The Access to Information Act (ATIA) or its provincial equivalent the Freedom of Information Act (FOIA) is necessary because experience has shown, worldwide, that governments will not respect the citizen’s ‘right to know’ without a legal requirement to do so. Why? Appointed and elected officials as well as public servants have strong incentives as well as personal interest to withhold information even when it would be in the public interest to disclose the information. In fact, in many such instances the personal (survival) interest of the individual is at odds with the public interest. This should not come as a surprise to anyone. For this reason most if not all of those who currently yield power at the various levels of government in our country would and do actually recoil from the accountability and transparency which the ATIA/FOIA brings.
Let me open by noting that the reach of the AITA/FOIA should be much much broader than it is actually the case. I see no reason with the Office of the Governor General, the administration of the various Courts, the House of Commons and the Senate as well as provincial legislature should not be subject to the ATIA/FOIA. In particular, I hold the strong belief, and have advocated in other fora, that our MPs and Senators at as well as MPPs should ALL be subject to the ATIA/FOIA. Ditto for officials at the municipal and school board level. There is a beneficial precedent for such an action.The UK Freedom of Information Act (FOIA) of 2000 includes the House of Commons and the House of Lords (equivalent to our Senate) among “core” public authorities subject to the Act. This legislative initiative served to reinforce their resolve to have the FOIA as an inescapable instrument for protecting political participation rights by the UK citizenry and their “right to know”. Not surprisingly, such a move has had a major cleansing effect forcing the resignation of many and bringing about a new era of frugality upon the expenses now being claimed by UK Members of Parliament. All in all a good thing.
Before proceeding further, I need to make one important caveat since one needs to keep in mind that the ATIA/FOIA are legal instruments to enforce the “right to know” of the citizenry. As a result, the administration of the ATIA/FOIA regime involves the creation and operation of a large bureaucracy and implies the disbursement of significant costs to ensure its efficient operation. It makes little sense to have to rely on such a legal process to request access to information which should because of its very nature and simplicity already and be put out voluntarily in the public domain as part of routine process of accountability by public officials. In other words, a public official should not have to wait until an ATIA/FOIA request is submitted before providing an accounting to the greater public of his use or misuse of public funds for personal or professional versus organizational purposes. The ATIA/FOI should be reserved more larger and more sophisticated issues demanding, for instance, a targeted and focused search of records.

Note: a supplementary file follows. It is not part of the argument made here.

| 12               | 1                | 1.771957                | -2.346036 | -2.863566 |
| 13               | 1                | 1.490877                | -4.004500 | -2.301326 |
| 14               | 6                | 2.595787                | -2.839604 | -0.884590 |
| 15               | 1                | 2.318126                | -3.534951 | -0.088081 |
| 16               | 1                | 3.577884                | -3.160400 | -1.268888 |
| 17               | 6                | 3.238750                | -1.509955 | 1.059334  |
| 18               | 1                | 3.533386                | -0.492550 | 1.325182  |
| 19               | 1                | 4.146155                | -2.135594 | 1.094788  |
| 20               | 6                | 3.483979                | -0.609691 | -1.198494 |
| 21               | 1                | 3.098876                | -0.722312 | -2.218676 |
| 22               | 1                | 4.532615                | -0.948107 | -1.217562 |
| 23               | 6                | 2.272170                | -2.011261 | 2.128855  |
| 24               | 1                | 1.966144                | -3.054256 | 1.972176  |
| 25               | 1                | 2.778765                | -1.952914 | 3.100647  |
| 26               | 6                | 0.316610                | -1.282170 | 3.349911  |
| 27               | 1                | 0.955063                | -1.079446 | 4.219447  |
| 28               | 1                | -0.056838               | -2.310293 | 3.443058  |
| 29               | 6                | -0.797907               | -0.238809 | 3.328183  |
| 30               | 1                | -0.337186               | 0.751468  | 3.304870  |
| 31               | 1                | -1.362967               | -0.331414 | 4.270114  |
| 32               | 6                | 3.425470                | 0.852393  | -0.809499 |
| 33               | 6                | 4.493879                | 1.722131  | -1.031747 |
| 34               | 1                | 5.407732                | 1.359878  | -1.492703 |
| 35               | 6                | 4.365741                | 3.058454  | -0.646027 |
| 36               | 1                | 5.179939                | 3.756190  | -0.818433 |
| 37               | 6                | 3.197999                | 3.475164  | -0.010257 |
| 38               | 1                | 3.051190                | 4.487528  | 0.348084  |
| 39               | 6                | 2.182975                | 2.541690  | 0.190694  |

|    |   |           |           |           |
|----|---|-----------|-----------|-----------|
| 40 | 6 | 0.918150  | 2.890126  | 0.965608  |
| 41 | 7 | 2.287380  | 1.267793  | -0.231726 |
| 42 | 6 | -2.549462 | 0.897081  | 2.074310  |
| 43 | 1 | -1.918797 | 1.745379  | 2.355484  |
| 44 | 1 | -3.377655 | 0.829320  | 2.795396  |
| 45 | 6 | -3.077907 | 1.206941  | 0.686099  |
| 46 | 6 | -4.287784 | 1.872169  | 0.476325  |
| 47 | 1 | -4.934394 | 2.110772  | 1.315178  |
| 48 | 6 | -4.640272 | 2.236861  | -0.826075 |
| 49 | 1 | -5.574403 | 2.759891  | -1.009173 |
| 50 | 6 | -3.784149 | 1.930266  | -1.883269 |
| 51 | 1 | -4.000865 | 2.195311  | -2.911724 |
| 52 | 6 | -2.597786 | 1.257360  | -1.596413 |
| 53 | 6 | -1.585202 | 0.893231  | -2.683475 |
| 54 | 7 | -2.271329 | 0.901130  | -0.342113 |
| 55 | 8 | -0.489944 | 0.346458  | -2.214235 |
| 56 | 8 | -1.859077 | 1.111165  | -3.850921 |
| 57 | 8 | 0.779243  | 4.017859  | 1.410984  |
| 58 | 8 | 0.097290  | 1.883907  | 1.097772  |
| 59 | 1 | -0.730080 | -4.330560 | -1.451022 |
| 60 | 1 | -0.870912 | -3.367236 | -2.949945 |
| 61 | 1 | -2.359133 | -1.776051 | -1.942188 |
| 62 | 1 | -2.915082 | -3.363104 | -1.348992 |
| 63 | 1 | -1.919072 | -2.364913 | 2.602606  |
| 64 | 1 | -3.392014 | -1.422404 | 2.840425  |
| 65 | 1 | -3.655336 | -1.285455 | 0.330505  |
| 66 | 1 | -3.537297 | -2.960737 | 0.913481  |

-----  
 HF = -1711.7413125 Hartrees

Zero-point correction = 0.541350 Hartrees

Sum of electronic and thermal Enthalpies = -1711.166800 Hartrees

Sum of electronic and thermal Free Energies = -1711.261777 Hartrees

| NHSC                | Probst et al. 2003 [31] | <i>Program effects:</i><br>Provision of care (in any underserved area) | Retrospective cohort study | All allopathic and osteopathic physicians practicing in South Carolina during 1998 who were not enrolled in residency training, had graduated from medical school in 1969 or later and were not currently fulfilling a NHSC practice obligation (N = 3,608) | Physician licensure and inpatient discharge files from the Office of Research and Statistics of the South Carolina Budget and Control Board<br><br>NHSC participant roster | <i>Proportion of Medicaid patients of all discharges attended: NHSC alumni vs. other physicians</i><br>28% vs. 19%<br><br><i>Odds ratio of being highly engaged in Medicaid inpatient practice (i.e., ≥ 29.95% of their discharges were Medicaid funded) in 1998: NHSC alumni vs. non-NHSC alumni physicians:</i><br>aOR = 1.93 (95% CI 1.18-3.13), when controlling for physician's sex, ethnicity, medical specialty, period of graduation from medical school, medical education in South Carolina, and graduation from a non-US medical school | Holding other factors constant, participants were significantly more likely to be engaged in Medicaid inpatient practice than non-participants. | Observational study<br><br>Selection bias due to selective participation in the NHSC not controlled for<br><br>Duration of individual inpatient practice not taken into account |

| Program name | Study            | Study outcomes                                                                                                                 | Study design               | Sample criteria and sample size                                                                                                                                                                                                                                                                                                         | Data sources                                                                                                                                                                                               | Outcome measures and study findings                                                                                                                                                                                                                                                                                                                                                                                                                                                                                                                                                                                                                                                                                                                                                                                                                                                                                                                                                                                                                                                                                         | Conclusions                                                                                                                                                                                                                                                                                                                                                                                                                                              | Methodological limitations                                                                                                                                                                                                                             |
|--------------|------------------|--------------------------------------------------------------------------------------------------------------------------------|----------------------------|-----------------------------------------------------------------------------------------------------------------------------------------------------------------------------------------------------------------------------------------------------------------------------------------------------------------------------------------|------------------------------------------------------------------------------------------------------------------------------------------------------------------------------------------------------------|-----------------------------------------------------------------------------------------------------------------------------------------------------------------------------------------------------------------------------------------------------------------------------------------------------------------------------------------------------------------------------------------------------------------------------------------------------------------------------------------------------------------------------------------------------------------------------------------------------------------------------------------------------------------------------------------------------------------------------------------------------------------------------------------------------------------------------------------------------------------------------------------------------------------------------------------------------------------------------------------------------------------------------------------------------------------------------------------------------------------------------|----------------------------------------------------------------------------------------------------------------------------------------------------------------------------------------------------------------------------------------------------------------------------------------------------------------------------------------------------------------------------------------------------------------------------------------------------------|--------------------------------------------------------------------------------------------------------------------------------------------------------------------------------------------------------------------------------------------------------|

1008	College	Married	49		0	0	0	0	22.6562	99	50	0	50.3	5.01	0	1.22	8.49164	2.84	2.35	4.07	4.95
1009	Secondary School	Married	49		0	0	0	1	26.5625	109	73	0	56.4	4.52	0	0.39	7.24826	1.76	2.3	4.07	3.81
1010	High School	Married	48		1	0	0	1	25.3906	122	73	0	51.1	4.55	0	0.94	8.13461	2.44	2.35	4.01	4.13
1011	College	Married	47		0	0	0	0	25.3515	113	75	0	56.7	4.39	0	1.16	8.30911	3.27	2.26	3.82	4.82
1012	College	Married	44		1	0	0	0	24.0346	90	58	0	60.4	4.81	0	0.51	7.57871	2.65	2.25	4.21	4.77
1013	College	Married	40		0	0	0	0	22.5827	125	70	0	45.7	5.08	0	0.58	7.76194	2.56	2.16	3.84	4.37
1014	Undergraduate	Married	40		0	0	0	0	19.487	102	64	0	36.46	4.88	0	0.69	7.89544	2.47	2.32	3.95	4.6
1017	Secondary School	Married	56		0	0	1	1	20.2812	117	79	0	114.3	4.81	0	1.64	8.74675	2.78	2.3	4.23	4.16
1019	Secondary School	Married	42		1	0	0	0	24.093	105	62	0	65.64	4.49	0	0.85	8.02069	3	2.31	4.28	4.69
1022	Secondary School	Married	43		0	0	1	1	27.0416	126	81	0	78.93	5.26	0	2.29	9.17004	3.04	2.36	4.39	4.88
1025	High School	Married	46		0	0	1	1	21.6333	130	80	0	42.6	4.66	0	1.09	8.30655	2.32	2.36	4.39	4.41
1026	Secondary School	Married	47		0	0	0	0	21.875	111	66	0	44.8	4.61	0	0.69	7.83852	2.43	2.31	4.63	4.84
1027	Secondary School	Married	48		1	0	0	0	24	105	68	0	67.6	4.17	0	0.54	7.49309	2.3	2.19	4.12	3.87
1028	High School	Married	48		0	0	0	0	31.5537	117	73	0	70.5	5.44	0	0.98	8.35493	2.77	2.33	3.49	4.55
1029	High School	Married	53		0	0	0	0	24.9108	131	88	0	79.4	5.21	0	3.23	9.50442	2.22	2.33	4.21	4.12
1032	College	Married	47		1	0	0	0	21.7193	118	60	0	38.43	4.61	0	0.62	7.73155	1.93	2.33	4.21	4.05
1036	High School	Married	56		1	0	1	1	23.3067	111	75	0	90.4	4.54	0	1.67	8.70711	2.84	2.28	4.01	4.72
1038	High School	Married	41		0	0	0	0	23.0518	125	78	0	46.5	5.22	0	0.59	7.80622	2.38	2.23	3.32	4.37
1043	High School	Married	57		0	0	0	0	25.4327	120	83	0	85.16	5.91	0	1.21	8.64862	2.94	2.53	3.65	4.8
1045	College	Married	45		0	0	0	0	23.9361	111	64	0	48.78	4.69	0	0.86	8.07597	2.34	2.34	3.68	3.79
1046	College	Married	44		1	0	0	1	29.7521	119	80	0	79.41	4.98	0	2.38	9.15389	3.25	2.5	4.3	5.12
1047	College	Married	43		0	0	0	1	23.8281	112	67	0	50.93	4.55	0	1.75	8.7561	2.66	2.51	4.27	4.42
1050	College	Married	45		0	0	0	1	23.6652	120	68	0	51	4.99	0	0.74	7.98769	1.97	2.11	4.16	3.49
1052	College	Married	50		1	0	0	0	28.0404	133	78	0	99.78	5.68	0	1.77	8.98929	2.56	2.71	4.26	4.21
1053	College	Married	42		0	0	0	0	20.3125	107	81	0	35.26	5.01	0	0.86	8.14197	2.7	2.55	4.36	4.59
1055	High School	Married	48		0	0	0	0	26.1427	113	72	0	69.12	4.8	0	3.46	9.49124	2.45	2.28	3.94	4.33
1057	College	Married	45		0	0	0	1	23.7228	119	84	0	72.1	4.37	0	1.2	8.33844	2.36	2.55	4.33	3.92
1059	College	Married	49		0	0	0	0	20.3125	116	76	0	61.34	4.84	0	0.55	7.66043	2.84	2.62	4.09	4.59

In my opinion each one of our public institutions should be forced by legislation (perhaps imbedded directly into the ATIA/FOIA) to adopt broad and strong proactive disclosure policies fostering the right of access and thereby strengthening our democracy and the notion of open government. Can this be done? Of course it can and easily. Already scores of departments, administrative tribunals and agencies, and Crown corporations particularly at the federal level which are already subject to the ATIA/FOIA already complement their disclosure obligations under these statutes by publishing quarterly on their webpages details as travel and hospitality expenses incurred by their executives and elected officials, costs for attendance by these high-ranking persons at out-of-town conferences, details as to the sole-source contracts awarded, details on hiring of key staff etc. Such a procedure shifts the onus on the officials to render account of their spending to the greater public instead of allowing them to stay below radar until someone formally exercises his or her right of access.
Such voluntary and pro-active disclosure normally brings about a most welcome degree of self-discipline and frugality on the part of officials everywhere. For that reason alone, in a democracy, government should, as a habit of mind and a matter of government-wide policy, disclose as much information as possible pro-actively.
In conclusion, it is crucial to our democracy for all federal, provincial, municipal and educational institutions, including Parliament and provincial legislative assemblies, be both subject to the ATIA/FOA and adopt strong and wide proactive disclosure policies. Voters and tax payers should have the possibility to have uninhibited easy and regular access to all the information needed to make a knowledgeable choice on Election Day. Democratic government rests on a foundation of an informed citizenry. And that foundation demands regular, pro-active disclosure by each and every one of our elected officials whose actions would also be subject to the more rigorous and legal mechanisms provided under the FOIA/ATIA regime.